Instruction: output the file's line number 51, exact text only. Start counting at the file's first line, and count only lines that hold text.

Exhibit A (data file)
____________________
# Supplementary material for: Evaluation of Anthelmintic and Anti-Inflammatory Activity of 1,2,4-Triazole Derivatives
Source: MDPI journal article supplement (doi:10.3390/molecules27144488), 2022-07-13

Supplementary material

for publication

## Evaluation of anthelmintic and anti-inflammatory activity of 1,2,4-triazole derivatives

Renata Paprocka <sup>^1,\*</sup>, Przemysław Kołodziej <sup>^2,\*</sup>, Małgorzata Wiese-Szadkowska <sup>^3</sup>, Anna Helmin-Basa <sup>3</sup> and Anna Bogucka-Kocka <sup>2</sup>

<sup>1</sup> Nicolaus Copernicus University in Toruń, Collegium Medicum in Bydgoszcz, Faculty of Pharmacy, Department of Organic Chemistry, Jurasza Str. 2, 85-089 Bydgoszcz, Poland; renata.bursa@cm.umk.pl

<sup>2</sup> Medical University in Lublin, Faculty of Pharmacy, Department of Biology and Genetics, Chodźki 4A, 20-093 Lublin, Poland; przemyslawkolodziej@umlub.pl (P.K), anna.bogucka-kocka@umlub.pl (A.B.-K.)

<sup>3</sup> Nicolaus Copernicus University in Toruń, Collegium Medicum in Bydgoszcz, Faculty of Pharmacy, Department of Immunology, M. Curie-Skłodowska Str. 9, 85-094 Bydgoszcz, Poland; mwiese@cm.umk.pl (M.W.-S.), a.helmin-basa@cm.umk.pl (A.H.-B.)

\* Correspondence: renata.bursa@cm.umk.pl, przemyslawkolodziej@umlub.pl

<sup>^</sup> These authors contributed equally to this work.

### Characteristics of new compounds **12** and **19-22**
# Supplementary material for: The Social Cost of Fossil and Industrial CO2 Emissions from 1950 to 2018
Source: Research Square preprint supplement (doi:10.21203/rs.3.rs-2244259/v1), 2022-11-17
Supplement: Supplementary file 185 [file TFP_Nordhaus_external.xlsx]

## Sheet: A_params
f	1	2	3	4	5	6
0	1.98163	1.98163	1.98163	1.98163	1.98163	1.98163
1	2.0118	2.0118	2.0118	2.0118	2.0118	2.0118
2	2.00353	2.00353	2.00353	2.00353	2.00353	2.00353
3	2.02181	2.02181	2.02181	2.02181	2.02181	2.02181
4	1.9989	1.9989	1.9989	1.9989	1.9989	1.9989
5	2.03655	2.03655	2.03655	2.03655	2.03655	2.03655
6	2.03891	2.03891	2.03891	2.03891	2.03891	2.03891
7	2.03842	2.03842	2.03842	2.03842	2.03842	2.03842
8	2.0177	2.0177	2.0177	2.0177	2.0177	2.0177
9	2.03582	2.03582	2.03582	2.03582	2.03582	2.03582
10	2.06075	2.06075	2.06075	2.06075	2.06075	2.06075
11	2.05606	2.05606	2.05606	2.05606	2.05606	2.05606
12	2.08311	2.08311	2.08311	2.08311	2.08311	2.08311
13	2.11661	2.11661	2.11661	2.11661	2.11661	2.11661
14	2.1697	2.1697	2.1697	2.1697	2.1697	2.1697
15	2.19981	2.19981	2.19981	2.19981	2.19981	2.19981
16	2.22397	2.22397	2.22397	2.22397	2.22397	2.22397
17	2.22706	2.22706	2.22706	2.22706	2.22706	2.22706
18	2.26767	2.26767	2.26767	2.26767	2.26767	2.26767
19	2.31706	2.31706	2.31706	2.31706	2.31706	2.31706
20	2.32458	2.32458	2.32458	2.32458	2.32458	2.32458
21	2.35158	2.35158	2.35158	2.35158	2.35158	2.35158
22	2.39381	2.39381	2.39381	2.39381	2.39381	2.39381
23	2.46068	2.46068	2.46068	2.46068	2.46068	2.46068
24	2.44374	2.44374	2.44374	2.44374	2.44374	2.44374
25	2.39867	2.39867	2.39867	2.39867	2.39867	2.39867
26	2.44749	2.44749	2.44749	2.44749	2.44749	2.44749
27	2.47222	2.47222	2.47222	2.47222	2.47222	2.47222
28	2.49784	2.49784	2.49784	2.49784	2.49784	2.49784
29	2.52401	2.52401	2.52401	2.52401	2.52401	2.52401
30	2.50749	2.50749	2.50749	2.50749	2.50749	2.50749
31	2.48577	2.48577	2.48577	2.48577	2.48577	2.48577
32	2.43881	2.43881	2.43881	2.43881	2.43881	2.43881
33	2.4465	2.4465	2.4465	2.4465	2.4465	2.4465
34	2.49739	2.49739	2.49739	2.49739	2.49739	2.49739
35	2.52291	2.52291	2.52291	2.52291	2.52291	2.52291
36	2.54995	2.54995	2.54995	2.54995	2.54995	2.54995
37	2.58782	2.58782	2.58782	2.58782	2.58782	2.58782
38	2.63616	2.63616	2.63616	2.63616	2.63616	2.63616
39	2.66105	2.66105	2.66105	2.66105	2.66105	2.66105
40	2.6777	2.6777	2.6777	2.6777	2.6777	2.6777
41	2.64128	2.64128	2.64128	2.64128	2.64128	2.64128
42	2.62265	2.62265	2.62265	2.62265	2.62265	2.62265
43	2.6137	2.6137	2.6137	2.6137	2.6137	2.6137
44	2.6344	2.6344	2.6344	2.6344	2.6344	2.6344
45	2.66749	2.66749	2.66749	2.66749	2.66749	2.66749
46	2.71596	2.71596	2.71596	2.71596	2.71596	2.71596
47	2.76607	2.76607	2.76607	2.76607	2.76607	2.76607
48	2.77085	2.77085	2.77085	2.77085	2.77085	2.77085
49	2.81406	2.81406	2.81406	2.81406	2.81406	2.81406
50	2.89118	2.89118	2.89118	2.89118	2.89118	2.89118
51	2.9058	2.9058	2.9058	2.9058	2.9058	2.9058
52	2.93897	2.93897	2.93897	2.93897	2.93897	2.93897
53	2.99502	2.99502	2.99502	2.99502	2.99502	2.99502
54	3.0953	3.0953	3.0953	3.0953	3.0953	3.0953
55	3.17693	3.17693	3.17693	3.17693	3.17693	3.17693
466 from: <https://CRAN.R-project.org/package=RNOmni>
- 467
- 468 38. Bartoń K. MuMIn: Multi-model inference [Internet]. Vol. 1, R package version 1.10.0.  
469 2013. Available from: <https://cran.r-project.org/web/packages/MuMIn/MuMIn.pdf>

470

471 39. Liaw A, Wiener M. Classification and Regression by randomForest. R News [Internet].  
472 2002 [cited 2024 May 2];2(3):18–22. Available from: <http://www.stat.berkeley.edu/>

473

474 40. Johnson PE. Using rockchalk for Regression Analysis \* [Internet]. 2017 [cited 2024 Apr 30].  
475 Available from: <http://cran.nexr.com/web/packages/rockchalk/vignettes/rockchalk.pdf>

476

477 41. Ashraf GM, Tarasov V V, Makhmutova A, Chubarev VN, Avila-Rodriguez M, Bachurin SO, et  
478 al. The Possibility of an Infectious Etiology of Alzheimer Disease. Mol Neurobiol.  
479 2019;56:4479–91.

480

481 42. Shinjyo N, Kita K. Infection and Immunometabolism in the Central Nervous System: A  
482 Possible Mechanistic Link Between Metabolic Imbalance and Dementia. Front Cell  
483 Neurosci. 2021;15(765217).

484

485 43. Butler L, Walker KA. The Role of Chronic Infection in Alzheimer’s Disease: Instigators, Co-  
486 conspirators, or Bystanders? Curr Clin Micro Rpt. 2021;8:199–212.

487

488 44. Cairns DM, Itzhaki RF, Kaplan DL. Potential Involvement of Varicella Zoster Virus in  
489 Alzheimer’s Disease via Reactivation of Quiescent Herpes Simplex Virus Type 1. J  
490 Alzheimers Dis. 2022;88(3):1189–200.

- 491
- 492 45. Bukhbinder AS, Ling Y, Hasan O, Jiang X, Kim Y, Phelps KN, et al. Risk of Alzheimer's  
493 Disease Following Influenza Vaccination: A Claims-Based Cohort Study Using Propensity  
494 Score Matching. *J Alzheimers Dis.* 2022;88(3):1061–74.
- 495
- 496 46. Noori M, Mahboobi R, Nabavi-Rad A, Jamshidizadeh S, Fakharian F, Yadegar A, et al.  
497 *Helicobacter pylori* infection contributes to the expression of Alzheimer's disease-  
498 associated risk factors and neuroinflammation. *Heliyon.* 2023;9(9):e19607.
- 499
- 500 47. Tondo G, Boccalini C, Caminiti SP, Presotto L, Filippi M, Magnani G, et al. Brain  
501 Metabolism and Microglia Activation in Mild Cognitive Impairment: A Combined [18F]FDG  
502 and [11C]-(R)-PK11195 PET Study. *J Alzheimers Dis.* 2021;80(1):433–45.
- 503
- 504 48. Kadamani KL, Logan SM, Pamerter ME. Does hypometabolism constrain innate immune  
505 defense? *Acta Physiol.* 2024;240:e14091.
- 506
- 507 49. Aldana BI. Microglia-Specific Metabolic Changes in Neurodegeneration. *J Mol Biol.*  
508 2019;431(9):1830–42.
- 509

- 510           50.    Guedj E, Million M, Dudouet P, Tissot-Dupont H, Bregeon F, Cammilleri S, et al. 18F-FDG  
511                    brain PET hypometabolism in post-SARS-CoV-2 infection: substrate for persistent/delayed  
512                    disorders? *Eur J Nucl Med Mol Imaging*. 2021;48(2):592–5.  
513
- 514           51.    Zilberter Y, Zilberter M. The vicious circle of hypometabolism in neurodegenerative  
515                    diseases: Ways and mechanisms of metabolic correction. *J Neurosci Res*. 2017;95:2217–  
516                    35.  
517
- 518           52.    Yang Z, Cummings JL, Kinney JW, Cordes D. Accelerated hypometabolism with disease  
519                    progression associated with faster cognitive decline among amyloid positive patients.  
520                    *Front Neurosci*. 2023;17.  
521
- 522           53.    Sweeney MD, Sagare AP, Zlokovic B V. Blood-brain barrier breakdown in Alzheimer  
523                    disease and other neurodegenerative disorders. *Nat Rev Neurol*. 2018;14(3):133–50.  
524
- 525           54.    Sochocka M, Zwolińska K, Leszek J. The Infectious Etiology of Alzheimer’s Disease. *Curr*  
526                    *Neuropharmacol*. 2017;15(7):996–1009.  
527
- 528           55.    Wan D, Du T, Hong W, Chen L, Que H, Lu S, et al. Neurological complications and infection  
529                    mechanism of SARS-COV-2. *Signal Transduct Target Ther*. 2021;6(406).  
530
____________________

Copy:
33	2.4465	2.4465	2.4465	2.4465	2.4465	2.4465